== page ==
price : $295.00
the bit reactor is a hardware bit crusher and downsampler. it has no program or cpu, it digitises without software. it takes whatever signal you give it and crunches it up into digital atoms.
we live in an analogue world. but most of the media that we encounter today is digital: an attempt to reproduce real-world signals with a stream of 1s and 0s.
in the realm of modern electronics thereís plenty enough processing power to create a crystal-clear digital copy of pretty much any analogue signal. the bit reactor, on the other hand, explores what can happen
when we take all that processing power and throw it out the window. think of an old atari or nes in all its 8-bit glory and youíll start to get the idea.
there are two main parameters to play around with on the bit reactor: bit depth and sampling frequency. less bits means the signal levels canít be properly reproduced, and this can result in anything from a
fairly subtle to a super-clipped square wave distortion and its associated harmonics. meanwhile the sampling frequency determines the maximum frequency that can be accurately reproduced. as it is decreased, the
higher frequencies present in the input can no longer be accurately recreated. but rather than these frequencies simply being discarded, they reappear at a different, enharmonic frequency due to the phenomenon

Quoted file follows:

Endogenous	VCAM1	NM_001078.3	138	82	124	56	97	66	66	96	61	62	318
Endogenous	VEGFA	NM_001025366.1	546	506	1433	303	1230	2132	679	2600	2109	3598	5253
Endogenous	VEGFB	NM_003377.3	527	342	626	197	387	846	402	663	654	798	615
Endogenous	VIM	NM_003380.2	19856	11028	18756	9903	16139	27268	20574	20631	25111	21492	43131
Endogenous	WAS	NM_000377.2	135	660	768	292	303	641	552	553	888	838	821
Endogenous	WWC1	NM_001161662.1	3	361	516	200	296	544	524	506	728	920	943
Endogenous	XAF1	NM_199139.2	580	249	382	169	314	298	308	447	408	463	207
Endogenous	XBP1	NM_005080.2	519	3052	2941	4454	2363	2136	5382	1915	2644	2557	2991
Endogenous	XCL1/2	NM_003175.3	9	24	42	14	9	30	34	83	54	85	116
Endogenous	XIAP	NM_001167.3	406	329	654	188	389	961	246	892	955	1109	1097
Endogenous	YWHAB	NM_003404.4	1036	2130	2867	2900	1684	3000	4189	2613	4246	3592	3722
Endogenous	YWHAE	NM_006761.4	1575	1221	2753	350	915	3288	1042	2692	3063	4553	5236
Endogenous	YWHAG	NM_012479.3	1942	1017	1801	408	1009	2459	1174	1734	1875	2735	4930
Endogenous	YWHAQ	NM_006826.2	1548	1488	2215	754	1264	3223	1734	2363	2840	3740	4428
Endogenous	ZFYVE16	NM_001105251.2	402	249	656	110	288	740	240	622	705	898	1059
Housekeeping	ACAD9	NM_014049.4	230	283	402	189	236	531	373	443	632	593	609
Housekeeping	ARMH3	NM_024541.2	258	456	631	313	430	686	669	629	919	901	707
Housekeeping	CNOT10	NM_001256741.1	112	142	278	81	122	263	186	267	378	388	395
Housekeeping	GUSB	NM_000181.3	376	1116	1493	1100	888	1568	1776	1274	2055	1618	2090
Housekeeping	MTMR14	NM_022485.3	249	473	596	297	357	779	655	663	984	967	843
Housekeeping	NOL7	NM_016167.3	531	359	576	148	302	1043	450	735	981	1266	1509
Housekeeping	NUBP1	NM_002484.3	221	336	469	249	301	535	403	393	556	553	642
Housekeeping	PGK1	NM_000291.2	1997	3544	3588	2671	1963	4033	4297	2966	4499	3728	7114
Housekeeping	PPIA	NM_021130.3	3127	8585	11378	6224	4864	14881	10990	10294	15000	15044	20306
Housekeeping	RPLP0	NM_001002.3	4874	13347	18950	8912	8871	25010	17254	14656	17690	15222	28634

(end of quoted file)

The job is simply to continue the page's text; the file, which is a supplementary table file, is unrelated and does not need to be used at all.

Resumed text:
known as aliasing. these effects, on their own and in combination, create unique audio artefacts that range from subtle colouring to complete destruction.
the 8 small leds surrounding the middle knob represent the number of bits being used (each led represents 1 bit); as the knob is turned clockwise, more bits are added and more leds are lit.
the sampling frequency increases as the knob is turned clockwise. at the fully anti-clockwise position the sampling frequency will be so low that virtually no note will pass through unscathed.
both of these parameters can be modulated via the cv inputs and the modulation depth is also adjustable for both parameters. modulation is positive, meaning an increase in cv corresponds to turning the knob
clockwise, and vice versa.
finally there is an input level adjustment to provide a small boost or cut as required to get the maximum tonal variance out of the bit crush. to fully exercise the dynamic range of a handful of bits the input
should be high but not clipping. if the input level is low, there wonít be a marked difference when at the lower end of the bit knob. this can be demonstrated by taking a rather extreme example: at 4 bits, the
output is stepped with a resolution of just over 300mv per step. that means that if the input level were 300mvpp, at 4 bits the output would already be a square wave (one step), exactly the same as when using 3,
2, or 1 bit.
on the other hand, an input level that is too high could also be undesirable. the moduleís input has a limiting circuit which caps the signal at 5vpp. with an overdriven input this limiting circuit will already
be distorting the signal before it even gets put through the analog-to-digital converter. the higher the input level, the more it will be distorted. there will be those amongst you, iím sure, who will say Ďand
the problem with that is..?í however if the goal is to only colour the sound with the crushing/downsampling and nothing else, the option is there to cut the input down to size.
now go make some noise!
width: 10hp / 50.50mm
height: 3u / 128.50mm
ptc fuse and diode protected
+12v: < 45ma
-12v: < 12ma
+5v: < 45ma